Sundays and holy days brought relief from working for the Lord of the Manor. In 1324 there were six festivals during the harvest season and ten during the remainder of the year. The poorer classes cultivated the land under the three-field system: First year, wheat, barley, or rye; second year, peas and beans; third year, fallow. As the population increased, land was reclaimed from the former waste.

In 1127, a dispute arose over the boundary between Cranfield and North Crawley. It was referred by the King to the Local Hundred Court, and settled by a jury of twelve men – four each from the villages of Cranfield, North Crawley, and Stagsden. In 1144, during the war between Stephen and Matilda, the village was pillaged by Stephen. When Abbot Robert de Redinges retired in 1206, King John, with the assent of the Abbey, granted the manor to him for life. The Abbot seems to have been involved in a difference with the King, and the manor may have been given to him as a pension to compensate him for being forced into retirement. In the reign of King John, the Abbot was granted a view of frankpledge in his manor of Cranfield. In 1251 Henry III gave the Abbot and convent a grant of free warren in all their demesne lands at Cranfield. There was doubt as to the validity of the grants, as on June 25, 1330, the Abbot of Ramsey was summoned by the King, to show by why he had a view of frankpledge in his manor of Cranfield, and why he had the right of free warren in all his lands in Cranfield.
The Abbot, through his Attorney William Lanet, said that the view of frankpledge was granted by King John to the Abbey of Ramsey by a charter for all the lands of the Abbot and his monks. The Charter of King John was produced in Court. The Court agreed with the Abbot. Previously the Abbot had levied fines and inflicted punishments for transgressions against the assize, of bread and ale – as much as 20 shillings (£1) , and that the offenders also were punished by the pillory and the ducking stool. Because of this double jeopardy it was decided that the view be taken into the King’s hands. The Abbot attempted to have his rights restored to him, and eventually, on payment of 40 shillings, the view of frankpledge was returned.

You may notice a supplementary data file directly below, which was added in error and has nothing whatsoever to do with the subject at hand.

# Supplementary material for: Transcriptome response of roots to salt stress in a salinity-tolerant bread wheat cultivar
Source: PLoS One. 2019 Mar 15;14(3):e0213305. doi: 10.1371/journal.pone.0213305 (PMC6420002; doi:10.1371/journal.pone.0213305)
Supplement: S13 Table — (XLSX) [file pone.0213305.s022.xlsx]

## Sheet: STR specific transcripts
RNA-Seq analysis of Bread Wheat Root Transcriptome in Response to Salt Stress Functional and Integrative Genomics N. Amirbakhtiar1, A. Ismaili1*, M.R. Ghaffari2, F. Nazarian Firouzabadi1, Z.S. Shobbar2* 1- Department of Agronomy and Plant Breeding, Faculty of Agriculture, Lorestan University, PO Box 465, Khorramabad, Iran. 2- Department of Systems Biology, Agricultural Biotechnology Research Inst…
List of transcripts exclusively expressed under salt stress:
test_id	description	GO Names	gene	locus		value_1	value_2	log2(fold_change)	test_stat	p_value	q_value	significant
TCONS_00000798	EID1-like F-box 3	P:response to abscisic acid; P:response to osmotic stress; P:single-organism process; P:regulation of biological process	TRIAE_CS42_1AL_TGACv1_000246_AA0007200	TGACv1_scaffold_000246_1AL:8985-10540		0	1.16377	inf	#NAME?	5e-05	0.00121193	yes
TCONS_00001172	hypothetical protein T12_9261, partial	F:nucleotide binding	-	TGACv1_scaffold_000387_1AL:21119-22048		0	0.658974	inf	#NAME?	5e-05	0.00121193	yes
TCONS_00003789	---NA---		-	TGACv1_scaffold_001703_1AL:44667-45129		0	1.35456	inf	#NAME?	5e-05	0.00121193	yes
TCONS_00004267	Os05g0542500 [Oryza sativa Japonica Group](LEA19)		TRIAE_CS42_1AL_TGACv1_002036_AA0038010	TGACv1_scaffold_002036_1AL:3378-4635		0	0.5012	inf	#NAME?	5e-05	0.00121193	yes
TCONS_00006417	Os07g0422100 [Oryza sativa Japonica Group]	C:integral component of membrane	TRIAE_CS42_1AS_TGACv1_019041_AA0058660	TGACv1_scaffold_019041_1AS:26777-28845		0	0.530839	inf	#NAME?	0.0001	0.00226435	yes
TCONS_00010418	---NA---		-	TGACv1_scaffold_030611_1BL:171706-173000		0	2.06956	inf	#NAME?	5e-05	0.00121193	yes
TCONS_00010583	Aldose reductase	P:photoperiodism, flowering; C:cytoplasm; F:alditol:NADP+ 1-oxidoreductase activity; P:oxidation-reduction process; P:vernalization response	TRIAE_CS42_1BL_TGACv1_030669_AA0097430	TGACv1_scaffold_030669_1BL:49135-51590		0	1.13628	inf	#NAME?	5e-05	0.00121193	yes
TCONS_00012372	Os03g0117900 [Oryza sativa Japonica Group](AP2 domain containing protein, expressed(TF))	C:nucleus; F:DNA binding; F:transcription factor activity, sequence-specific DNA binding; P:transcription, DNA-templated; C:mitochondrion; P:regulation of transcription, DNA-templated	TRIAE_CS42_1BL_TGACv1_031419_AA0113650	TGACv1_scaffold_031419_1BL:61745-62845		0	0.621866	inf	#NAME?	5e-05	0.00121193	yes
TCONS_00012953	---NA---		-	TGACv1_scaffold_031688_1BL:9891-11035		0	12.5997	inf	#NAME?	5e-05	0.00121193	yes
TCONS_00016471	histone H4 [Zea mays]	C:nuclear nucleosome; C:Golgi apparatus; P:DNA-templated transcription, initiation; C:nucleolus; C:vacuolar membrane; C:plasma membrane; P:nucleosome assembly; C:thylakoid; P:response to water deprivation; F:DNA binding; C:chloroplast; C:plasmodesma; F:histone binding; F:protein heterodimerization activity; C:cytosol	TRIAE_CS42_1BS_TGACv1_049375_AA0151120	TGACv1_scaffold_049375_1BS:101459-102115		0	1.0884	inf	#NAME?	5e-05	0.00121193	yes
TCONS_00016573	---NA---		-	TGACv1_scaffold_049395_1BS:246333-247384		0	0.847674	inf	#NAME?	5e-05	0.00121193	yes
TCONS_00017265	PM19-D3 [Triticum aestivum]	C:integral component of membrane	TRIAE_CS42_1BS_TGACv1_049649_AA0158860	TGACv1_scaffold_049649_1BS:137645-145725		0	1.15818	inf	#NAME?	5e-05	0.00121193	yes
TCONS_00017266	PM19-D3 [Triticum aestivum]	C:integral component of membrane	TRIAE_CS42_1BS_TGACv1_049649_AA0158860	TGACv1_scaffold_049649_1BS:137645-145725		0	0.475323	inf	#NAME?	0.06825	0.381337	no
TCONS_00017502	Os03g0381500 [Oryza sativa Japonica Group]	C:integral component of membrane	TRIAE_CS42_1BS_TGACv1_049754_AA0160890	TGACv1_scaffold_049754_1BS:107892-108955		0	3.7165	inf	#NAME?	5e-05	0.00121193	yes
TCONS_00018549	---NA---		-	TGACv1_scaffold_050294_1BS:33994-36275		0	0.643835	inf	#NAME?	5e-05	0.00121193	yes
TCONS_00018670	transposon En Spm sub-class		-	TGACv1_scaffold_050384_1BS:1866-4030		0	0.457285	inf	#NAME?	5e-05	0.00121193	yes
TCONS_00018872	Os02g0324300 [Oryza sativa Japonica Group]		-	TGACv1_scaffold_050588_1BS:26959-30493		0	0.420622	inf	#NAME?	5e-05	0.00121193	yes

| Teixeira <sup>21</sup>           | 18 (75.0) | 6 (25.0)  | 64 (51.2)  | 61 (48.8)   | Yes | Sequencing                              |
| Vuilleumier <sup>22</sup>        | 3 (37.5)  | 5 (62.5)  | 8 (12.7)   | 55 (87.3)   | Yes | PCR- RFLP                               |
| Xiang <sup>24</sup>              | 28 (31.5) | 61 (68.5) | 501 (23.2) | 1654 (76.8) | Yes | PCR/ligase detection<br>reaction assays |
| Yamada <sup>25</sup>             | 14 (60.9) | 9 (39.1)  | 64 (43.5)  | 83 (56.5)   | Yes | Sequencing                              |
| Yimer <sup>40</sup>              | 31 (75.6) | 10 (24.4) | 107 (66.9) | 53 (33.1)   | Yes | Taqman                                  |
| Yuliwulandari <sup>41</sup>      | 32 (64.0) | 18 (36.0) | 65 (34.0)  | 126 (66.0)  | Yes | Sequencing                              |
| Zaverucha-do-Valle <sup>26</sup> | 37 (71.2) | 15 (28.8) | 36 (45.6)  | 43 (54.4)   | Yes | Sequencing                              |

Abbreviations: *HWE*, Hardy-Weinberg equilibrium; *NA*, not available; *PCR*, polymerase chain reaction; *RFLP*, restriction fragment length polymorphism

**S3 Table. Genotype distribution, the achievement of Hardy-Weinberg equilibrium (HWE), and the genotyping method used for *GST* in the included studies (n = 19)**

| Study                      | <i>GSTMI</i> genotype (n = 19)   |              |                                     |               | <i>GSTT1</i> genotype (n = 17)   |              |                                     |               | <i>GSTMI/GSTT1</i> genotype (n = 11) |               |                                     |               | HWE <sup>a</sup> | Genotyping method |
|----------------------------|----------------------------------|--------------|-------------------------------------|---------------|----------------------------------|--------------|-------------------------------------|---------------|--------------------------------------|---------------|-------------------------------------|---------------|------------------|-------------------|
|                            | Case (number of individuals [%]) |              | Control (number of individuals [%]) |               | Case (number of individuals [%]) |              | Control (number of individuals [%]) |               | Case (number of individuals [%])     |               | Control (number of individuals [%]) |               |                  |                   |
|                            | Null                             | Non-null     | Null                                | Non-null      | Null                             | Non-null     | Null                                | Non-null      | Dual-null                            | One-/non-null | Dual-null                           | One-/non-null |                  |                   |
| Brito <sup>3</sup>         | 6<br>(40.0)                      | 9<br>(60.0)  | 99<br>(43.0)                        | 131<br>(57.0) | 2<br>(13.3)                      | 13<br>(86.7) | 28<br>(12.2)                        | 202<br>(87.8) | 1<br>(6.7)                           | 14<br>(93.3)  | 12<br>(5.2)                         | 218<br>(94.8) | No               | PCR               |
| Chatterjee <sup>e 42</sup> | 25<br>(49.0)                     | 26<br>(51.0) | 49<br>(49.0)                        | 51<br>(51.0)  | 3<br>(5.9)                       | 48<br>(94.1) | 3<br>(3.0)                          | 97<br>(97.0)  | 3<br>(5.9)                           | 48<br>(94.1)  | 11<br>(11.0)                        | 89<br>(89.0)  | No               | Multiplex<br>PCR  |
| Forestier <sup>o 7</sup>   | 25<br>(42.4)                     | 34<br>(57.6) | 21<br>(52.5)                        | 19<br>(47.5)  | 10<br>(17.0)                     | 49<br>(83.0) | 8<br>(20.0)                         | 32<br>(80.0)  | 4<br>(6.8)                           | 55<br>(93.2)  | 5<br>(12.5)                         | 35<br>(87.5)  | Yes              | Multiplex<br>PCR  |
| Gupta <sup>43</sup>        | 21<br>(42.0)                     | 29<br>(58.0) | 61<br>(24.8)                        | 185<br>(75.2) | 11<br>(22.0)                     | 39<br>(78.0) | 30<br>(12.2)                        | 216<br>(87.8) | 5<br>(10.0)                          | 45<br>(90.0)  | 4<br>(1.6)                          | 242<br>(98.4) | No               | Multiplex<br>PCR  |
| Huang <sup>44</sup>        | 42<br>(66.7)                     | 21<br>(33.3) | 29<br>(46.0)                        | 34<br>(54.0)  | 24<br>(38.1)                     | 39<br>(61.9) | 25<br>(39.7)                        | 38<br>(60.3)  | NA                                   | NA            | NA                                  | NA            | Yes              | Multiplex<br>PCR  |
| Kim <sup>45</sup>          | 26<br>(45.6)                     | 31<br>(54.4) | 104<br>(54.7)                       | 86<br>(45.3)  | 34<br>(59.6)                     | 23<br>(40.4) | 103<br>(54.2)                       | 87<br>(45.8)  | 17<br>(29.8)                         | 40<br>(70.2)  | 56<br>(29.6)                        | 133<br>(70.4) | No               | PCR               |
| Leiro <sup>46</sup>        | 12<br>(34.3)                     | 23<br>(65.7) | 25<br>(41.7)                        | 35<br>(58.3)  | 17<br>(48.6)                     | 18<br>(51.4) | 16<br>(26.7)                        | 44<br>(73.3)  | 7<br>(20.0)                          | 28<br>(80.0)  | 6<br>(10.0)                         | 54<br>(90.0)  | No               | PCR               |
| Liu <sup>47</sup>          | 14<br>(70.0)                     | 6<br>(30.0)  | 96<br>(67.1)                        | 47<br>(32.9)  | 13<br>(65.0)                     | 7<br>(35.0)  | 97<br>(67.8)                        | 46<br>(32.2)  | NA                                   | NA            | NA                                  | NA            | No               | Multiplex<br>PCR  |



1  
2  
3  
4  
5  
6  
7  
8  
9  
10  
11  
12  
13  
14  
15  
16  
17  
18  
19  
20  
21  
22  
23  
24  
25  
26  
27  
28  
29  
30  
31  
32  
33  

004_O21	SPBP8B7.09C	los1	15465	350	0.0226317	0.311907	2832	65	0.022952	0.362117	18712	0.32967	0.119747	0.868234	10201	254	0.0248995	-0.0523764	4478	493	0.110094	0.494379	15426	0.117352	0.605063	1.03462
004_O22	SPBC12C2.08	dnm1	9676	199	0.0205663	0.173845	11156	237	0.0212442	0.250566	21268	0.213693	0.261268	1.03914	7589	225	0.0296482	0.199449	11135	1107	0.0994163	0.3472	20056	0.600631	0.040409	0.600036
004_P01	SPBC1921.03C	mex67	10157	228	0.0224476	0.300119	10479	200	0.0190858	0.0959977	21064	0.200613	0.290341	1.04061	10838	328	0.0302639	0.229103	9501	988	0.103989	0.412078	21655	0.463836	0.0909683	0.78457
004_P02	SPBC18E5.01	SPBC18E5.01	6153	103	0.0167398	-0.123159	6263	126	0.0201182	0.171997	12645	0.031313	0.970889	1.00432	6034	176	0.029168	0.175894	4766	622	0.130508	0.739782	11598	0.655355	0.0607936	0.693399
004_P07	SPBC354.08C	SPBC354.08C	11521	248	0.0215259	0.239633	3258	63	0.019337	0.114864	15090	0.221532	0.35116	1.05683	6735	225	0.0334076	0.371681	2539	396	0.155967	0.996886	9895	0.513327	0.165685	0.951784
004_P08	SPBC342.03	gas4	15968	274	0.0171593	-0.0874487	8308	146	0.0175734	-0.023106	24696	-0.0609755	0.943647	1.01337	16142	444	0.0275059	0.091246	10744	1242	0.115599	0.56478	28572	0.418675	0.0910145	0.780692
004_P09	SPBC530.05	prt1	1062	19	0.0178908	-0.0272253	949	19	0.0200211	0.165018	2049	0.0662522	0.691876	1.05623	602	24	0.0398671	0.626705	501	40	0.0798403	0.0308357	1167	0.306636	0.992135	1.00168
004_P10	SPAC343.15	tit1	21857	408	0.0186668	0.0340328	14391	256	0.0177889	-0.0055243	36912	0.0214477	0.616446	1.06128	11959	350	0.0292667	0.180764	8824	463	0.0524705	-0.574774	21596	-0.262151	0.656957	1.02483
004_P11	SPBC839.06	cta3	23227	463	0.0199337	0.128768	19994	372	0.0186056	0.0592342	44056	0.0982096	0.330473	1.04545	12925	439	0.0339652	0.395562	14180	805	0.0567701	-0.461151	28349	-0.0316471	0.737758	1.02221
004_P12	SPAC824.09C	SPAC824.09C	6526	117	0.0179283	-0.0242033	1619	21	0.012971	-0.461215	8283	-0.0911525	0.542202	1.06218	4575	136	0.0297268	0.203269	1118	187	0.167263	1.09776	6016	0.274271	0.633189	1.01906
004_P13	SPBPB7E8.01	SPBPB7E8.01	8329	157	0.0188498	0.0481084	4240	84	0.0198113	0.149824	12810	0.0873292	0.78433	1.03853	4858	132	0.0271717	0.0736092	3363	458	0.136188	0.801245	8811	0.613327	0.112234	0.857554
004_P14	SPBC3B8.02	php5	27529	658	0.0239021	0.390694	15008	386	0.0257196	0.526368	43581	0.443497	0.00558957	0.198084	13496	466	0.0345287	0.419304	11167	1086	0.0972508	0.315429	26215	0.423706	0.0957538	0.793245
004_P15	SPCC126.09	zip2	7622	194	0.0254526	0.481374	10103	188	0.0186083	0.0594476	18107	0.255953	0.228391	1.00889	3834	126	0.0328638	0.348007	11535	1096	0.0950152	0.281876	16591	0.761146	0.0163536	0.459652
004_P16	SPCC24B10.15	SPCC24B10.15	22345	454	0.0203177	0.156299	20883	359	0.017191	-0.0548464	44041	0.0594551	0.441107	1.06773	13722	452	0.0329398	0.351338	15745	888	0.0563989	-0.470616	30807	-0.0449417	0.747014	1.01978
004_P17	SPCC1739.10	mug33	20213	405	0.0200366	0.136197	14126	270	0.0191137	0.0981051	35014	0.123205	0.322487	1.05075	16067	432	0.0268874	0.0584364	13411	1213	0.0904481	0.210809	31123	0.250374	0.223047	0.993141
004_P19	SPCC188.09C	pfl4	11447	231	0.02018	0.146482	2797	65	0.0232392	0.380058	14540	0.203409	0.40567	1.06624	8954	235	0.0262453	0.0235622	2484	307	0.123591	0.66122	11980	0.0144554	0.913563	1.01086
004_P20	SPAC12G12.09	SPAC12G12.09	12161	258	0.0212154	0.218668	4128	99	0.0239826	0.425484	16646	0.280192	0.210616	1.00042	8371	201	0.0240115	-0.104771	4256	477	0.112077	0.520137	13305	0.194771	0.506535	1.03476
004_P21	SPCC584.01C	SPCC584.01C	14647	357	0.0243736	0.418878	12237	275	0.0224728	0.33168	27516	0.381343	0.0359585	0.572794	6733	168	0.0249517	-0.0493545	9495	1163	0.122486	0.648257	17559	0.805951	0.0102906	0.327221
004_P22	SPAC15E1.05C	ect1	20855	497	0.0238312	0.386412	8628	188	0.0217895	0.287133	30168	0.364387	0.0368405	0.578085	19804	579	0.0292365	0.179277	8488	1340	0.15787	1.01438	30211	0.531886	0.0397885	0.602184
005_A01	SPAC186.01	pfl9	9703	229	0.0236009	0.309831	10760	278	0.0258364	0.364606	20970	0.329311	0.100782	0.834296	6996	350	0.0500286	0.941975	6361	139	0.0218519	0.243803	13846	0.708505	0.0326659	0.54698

In 1310 the parish priest, Thomas de Pontesbury, was in trouble. He entered the Church for sanctuary to escape the consequences of his wrongdoings. There was published an order to the Barons of the Exchequer at Berwick-on-Tweed to fine the township of Cranfield in Bedford, £23 8s. 10¾d., which is charged for the goods of Master Thomas de Pontesbury, who fled to the Church of Cranfield for felonies, and was convicted before Robert Malet and his colleagues for felonies, justices of the late King to deliver him to Bedford Jail. The late King granted the goods to the Master and Brethren of St. Katharine’s Hospital, and commanded the Sheriff and Coroner of Bedford to deliver the said goods to them.